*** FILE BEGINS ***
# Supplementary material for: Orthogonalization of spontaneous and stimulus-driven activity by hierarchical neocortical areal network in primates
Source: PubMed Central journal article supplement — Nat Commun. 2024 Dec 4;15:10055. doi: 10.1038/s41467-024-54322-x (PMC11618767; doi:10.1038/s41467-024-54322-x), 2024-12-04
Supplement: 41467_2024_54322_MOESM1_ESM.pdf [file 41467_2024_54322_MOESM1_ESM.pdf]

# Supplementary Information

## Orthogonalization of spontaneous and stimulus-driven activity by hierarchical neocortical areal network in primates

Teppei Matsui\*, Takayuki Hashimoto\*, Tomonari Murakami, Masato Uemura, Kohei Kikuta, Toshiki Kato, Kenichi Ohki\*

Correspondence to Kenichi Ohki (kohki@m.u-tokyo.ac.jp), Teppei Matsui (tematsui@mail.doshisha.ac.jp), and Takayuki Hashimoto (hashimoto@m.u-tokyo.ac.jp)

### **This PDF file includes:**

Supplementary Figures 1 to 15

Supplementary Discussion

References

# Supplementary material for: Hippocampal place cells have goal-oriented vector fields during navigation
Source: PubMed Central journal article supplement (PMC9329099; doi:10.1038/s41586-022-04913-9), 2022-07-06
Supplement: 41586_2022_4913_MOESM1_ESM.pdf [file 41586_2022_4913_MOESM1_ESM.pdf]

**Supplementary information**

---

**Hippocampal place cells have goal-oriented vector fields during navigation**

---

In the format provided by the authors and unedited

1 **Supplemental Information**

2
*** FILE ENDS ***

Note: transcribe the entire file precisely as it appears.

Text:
# Supplementary material for: Orthogonalization of spontaneous and stimulus-driven activity by hierarchical neocortical areal network in primates
Source: PubMed Central journal article supplement — Nat Commun. 2024 Dec 4;15:10055. doi: 10.1038/s41467-024-54322-x (PMC11618767; doi:10.1038/s41467-024-54322-x), 2024-12-04
Supplement: 41467_2024_54322_MOESM1_ESM.pdf [file 41467_2024_54322_MOESM1_ESM.pdf]

# Supplementary Information

## Orthogonalization of spontaneous and stimulus-driven activity by hierarchical neocortical areal network in primates

Teppei Matsui\*, Takayuki Hashimoto\*, Tomonari Murakami, Masato Uemura, Kohei Kikuta, Toshiki Kato, Kenichi Ohki\*

Correspondence to Kenichi Ohki (kohki@m.u-tokyo.ac.jp), Teppei Matsui (tematsui@mail.doshisha.ac.jp), and Takayuki Hashimoto (hashimoto@m.u-tokyo.ac.jp)

### **This PDF file includes:**

Supplementary Figures 1 to 15

Supplementary Discussion

References

# Supplementary material for: Hippocampal place cells have goal-oriented vector fields during navigation
Source: PubMed Central journal article supplement (PMC9329099; doi:10.1038/s41586-022-04913-9), 2022-07-06
Supplement: 41586_2022_4913_MOESM1_ESM.pdf [file 41586_2022_4913_MOESM1_ESM.pdf]

**Supplementary information**

---

**Hippocampal place cells have goal-oriented vector fields during navigation**

---

In the format provided by the authors and unedited

1 **Supplemental Information**

2